Malaysia and Indonesia in startup ecosystem partnership
By Masyitha Baziad February 25, 2016
- Mavcap and Kadin initiate informal dialogue to develop B2B partnership
- Not merely about funding, but knowledge-sharing and mentoring as well
INDONESIA and Malaysia will work together to develop both countries’ digital economy and startup ecosystem.
The two Muslim-majority nations will leverage on each other’s strengths – Indonesia’s huge market potential and Malaysia’s digital transformation experience and capital – to attract more investments into their startup ecosystems.
The partnership was initiated by the Indonesian Chamber of Commerce and Industry (Kadin) and Malaysia Venture Capital Management Bhd (Mavcap) at a dialogue forum and networking reception in Jakarta on Feb 23.
The dialogue was supported by Shanghai-headquartered venture capital (VC) firm Gobi Partners and Indonesian early-stage venture capital firm Convergence Ventures.
“Indonesia still needs a lot of support to grow its startup scene, not only from the funding side but also in know-how and sharing of knowledge,” Kadin chairman Rosan Roeslani said in his opening remarks.
“We want to achieve the goal to be the largest digital economy in the region, yet we know we need to build the ecosystem well,” he added.
The Jakarta forum acted as an informal introductory dialogue between government bodies, investors, and entrepreneurs from both countries, in the hopes of establishing more partnerships and collaborations.
“The timing is just perfect, with the recent revision in its negative investment list and Indonesian President Joko Widodo’s visit to the United States,” Mavcap chief executive officer (CEO) Jamaludin Bujang told Digital News Asia (DNA) on the sidelines of the event.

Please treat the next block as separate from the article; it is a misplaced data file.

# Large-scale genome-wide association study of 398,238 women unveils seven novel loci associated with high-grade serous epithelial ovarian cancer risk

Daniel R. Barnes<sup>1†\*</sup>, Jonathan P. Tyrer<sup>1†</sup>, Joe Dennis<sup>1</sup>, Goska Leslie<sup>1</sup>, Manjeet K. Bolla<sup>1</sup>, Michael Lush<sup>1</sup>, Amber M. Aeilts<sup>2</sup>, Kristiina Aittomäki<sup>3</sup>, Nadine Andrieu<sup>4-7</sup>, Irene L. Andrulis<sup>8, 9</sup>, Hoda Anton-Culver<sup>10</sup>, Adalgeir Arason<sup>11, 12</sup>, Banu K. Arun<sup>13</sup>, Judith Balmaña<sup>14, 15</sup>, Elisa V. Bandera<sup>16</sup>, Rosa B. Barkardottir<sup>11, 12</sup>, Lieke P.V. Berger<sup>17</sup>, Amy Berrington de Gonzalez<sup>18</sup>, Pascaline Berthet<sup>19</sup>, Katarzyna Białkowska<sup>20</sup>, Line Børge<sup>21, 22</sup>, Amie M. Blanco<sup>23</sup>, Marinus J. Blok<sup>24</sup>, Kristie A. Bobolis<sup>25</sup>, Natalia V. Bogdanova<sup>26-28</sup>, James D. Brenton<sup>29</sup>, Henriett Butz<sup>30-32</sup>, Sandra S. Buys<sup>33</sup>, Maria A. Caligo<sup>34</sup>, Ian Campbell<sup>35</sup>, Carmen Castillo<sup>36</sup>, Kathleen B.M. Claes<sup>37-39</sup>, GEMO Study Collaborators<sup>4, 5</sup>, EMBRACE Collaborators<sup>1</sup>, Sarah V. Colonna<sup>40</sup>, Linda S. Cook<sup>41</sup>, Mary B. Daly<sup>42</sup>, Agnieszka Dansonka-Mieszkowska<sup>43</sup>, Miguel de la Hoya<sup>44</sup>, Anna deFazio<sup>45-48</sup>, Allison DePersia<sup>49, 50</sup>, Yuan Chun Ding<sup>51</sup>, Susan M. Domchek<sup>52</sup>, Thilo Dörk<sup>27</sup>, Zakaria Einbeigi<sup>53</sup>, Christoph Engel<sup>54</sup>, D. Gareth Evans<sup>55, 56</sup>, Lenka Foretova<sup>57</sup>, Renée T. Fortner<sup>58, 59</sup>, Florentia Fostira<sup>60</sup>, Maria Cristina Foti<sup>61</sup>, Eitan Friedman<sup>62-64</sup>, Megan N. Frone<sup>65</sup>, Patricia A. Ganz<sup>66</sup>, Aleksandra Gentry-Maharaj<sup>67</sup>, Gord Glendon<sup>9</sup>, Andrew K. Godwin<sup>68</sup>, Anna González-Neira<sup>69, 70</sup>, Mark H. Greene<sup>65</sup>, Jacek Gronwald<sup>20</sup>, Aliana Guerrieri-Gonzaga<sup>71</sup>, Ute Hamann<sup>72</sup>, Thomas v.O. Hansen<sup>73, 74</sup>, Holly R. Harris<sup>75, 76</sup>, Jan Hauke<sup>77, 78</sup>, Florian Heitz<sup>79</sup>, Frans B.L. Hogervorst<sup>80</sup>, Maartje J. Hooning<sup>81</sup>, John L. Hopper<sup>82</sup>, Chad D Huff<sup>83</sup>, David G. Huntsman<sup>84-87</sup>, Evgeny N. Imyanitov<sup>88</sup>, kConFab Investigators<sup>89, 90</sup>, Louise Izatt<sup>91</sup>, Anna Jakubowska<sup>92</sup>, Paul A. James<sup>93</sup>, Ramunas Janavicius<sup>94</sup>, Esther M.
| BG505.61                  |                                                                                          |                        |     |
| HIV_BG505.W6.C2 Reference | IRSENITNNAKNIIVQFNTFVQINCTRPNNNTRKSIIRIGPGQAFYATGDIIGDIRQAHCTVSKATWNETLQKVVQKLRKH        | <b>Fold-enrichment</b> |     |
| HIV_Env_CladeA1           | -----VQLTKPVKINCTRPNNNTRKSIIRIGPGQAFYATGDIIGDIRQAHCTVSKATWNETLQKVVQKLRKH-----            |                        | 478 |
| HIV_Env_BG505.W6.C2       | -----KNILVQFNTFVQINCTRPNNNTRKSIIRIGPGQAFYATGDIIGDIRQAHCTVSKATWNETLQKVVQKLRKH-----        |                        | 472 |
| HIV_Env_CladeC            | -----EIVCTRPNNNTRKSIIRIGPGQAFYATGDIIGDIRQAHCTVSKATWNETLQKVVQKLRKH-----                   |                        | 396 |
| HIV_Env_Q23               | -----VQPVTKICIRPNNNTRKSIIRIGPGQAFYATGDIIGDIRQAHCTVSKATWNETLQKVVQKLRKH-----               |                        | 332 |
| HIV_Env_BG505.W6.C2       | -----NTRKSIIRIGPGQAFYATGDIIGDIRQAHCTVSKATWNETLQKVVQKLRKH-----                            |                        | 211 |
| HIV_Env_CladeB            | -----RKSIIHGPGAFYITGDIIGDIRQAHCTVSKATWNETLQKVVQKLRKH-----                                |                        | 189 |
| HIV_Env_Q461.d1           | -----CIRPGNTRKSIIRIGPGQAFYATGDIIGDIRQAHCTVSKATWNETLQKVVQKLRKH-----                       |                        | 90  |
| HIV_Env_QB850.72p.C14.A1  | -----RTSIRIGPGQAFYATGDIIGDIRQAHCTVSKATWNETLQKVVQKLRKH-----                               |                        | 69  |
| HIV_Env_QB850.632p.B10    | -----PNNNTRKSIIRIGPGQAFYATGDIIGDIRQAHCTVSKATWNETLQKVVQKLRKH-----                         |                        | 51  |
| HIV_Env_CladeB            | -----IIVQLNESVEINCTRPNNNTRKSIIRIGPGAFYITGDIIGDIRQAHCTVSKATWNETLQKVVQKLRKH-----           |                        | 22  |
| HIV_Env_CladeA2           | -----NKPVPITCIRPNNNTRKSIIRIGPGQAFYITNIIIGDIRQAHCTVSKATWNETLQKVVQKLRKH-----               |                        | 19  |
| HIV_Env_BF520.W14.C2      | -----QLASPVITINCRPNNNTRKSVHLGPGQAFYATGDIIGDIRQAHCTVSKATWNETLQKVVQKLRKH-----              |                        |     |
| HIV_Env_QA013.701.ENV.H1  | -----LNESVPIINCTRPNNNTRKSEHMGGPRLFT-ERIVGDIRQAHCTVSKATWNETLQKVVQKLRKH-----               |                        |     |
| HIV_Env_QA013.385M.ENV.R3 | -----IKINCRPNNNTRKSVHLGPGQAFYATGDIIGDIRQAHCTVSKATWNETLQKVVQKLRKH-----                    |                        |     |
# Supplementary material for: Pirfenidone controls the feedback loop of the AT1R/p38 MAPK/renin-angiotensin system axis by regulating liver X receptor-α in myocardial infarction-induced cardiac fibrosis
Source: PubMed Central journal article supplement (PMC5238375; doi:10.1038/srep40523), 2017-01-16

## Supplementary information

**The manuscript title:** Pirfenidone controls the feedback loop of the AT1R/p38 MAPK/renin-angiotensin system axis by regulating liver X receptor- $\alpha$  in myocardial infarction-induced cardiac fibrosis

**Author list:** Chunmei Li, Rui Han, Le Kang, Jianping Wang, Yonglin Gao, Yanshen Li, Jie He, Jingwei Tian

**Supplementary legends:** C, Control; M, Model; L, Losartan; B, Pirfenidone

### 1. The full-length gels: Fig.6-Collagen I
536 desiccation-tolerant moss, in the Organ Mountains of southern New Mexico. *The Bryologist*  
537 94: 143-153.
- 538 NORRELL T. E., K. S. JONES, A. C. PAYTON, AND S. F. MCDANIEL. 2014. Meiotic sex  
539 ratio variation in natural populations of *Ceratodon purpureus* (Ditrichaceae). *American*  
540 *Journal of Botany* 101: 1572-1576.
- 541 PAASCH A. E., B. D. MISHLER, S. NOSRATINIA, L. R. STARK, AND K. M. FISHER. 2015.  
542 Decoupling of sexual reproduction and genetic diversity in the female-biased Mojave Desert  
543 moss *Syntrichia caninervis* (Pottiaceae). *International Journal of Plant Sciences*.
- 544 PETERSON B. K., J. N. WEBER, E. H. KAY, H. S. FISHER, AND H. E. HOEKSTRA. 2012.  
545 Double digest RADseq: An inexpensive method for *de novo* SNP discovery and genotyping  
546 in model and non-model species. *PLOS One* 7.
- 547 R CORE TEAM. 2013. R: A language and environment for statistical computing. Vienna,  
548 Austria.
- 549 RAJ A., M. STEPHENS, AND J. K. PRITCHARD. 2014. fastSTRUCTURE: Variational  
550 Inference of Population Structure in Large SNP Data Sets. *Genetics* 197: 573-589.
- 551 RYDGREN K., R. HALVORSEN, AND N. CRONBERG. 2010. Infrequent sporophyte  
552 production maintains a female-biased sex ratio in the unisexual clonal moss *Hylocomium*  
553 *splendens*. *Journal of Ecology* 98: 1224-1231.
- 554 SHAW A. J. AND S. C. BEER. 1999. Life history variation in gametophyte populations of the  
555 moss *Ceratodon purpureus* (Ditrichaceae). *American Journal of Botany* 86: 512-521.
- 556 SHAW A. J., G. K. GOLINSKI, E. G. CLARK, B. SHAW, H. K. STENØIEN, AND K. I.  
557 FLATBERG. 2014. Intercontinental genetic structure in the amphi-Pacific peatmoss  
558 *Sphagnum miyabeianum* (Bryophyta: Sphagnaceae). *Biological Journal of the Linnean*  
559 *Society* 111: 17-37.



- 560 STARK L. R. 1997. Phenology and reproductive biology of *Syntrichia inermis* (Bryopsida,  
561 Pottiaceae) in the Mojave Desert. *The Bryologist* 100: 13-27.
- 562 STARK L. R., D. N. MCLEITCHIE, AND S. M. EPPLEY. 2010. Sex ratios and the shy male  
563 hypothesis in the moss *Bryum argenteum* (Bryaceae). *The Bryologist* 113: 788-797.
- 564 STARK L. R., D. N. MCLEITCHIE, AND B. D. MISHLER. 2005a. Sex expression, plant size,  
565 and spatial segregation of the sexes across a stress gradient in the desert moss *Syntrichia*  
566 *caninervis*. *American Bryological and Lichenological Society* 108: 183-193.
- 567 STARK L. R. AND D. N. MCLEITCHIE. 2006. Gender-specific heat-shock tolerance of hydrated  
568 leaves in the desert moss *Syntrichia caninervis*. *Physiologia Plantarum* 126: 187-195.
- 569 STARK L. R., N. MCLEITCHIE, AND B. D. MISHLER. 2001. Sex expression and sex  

“It sends out a message that Indonesia is opening up its tech sector.
“Both countries want to share the momentum and make the right moves to build the Asean digital economy. We will share our expertise and develop the tech ecosystem together,” he added.
The ‘negative investment list,’ known by its Bahasa Indonesia acronym of DNI (Daftar Negatif Investasi), specifies the sectors of the Indonesian economy in which foreign investment is prohibited or limited.
Last November, the Indonesian Government said it would review DNI as part of its effort to develop the digital economy. Earlier this month, it opened up 35 sectors to foreign investors.
Among the changes is that Indonesia now allows 100% foreign ownership of online transactions or marketplace companies which are valued at more than Rp100 billion (US$7.5 million).
Kadin established a Startup Technology Agency last December, aiming to bridge the communications gap between government and ecosystem players, especially with regards to regulation.
The agency is headed by Patrick Walujo, the cofounder of Northstar Group, a private investment firm that is headquartered in Singapore but with a distinct focus on Indonesia.
“Startups help create jobs, and this is what the country needs. We should give our total support to these players, especially since they have a good impact on the economy,” Kadin’s Rosan said.
He said Kadin is currently in discussions with the Indonesia Stock Exchange (IDX), the Financial Services Authority (OJK), and the Government to build an incubator to prepare startups to go public.
“We will introduce more facilities for startups, and greater flexibility for them to list on IDX, even if they have been operating for only a year,” he added.
Complete U-turn on protectionism
All these supporting initiatives for startups will be launched in June, Rosan told DNA on the sidelines of the main event.
Meanwhile, Indonesian Minister of Trade Thomas Lembong said the Government would no longer put up protectionist measures, especially when it comes to the digital and technology sectors.
“We are doing a total U-turn now. We are not going to slow things down, we want to speed things up.
“We want to become regional champions and therefore we need to expand and let investments in,” he said at a networking session during the forum.
“The government has [gotten] religious on technology – we really believe in technology and we have no choice but to leapfrog and use technology extensively,” he told Malaysian and Indonesian delegates.